Micro-Raman Thermometry for Thin Film Evaporation on Structured Surfaces

Micro and nanostructures to enhance liquid-to-vapor phase change heat transfer for cooling high-performance electronics have attracted significant attention owing to their ability to generate capillary flow and thin-film area. Typically, heat transfer measurements are performed remotely (i.e., away from the three-phase contact line) due to limitations of conventional contact-mode temperature sensors such as thermocouples and resistance temperature detectors (RTDs), or averaged over an area of 20-50 um with infrared cameras. However, as evaporation mainly occurs in the thin-film region near the three-phase contact line, fundamental understanding of the enhancement mechanism requires a microscopic measurement technique capable of probing temperature near the contact line with high spatial resolution. In this project, we reported a novel platform using micro-Raman spectroscopy to perform in situ temperature measurement of micropillar structures during thin-film evaporation. We interfaced our Raman spectroscopy system with conventional thin film evaporation setup. We performed thin film evaporation experiment on the silicon micropillar arrays structured surfaces (diameters of 20 um, heights of 50 um and pitches of 40-100 um). We measured temperature on the top of silicon micropillars near the liquid-vapor interface at various locations on the sample and heat flux conditions. We can also probe the liquid-vapor interface directly. Our measurements on structured surface as well as liquid-vapor interface enable fundamental understanding into phase change heat transfer at the interface. The experimental results also provide a guideline for optimizing the wick structures to increase evaporation heat transfer coefficient. The local, in situ temperature measurement platform presented in this study serves as a new tool to aid mechanistic understanding of phase change heat transfer.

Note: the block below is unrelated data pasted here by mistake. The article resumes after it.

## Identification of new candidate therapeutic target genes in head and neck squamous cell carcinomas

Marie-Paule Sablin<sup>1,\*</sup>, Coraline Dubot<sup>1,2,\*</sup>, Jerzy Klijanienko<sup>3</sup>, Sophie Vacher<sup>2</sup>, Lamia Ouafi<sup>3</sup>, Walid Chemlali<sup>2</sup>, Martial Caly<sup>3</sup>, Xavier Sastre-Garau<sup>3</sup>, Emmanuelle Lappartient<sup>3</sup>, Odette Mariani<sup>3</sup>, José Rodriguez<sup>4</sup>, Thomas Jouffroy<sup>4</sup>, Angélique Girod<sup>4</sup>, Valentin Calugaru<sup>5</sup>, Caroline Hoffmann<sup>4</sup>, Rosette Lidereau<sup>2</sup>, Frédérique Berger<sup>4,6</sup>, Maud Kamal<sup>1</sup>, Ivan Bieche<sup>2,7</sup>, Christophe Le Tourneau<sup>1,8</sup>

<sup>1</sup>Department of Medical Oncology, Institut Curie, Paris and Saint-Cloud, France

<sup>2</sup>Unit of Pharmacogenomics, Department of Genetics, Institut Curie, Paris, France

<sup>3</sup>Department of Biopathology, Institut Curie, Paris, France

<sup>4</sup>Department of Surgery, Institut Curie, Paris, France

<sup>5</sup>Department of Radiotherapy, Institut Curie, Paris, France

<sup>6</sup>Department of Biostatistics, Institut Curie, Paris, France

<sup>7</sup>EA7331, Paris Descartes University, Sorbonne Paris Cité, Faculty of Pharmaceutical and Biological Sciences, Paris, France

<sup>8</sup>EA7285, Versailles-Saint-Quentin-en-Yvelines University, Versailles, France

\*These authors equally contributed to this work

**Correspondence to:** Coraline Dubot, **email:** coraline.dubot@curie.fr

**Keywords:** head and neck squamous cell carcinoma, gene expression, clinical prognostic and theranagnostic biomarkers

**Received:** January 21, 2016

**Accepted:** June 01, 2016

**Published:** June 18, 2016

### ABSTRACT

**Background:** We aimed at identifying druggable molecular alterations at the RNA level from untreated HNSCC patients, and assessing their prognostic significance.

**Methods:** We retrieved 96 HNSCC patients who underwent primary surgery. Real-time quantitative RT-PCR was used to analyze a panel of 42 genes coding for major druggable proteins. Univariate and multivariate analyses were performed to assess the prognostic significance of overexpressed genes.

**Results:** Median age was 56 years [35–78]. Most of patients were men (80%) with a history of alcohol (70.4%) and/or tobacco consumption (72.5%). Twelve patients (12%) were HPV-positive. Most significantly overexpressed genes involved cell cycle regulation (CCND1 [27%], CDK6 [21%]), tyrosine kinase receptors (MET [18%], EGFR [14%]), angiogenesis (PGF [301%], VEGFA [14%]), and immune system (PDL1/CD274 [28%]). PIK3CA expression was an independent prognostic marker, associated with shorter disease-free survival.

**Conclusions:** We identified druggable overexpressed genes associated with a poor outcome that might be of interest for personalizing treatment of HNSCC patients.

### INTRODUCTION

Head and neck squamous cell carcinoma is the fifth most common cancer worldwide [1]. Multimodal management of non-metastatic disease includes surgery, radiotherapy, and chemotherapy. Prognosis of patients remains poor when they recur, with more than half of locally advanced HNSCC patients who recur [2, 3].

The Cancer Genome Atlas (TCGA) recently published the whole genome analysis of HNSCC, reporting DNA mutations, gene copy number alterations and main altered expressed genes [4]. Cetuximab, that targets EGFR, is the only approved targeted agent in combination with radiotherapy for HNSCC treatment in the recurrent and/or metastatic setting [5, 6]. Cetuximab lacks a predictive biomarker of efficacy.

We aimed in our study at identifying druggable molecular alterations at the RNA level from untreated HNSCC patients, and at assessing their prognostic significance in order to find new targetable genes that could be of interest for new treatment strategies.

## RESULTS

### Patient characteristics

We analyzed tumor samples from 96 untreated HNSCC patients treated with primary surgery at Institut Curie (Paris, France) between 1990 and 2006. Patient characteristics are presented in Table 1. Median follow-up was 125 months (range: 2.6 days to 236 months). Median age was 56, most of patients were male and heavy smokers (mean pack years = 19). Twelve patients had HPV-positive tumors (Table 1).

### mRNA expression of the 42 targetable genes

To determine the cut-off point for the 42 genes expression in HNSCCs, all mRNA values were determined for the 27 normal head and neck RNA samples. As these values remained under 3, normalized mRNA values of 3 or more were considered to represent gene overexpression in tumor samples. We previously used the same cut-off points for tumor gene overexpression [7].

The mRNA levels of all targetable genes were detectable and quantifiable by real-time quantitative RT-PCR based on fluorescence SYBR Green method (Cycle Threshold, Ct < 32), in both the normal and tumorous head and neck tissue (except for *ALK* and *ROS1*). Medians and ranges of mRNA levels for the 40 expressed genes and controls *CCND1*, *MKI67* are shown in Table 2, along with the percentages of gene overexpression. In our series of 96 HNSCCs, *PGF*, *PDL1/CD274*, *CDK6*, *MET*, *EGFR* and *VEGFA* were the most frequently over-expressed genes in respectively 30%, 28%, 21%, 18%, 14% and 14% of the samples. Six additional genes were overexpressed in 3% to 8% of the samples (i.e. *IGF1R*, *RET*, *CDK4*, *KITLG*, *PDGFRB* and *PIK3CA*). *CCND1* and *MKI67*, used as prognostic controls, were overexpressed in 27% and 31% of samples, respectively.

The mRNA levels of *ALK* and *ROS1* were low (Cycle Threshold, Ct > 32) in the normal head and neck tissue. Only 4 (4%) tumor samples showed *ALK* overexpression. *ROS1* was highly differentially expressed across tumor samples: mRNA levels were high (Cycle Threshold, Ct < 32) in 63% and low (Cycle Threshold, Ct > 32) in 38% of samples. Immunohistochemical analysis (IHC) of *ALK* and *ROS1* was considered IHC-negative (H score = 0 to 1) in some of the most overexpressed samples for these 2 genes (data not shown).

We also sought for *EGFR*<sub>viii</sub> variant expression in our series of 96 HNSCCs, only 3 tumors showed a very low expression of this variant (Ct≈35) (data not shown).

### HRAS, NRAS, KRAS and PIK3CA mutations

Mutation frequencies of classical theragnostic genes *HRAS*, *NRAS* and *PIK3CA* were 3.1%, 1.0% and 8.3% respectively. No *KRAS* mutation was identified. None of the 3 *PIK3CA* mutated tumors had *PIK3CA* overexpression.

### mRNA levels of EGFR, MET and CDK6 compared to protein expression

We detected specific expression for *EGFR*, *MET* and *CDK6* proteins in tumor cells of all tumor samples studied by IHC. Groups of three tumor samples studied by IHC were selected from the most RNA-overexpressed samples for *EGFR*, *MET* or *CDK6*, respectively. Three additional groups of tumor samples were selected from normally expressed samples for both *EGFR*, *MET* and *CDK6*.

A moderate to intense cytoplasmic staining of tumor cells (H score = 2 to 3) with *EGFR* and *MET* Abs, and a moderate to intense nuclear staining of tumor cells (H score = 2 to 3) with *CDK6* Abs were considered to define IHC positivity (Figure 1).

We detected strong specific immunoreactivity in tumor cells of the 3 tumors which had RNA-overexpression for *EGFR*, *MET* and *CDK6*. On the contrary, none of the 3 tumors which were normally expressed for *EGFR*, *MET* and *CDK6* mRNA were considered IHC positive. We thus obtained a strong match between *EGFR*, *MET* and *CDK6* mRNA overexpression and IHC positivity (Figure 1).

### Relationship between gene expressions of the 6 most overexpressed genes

GaN Electronics (Past work)

Gallium Nitride (GaN)-based electronics are one of the most exciting semiconductor technologies for high power, high frequency power amplifiers and high voltage power switching devices. However, the very high power densities enabled by the excellent electrical properties of GaN and its related alloys lead to high device temperatures and degraded performance. Due to recent advances in the design of heat sinks, thermal spreaders, and interface materials, the thermal resistance within the first ~100 µm of the electrical junction may be the dominant thermal resistance in the system [1]. This very challenging thermal management problem requires a paradigm shift from the traditional thermal stack to embedded cooling solutions.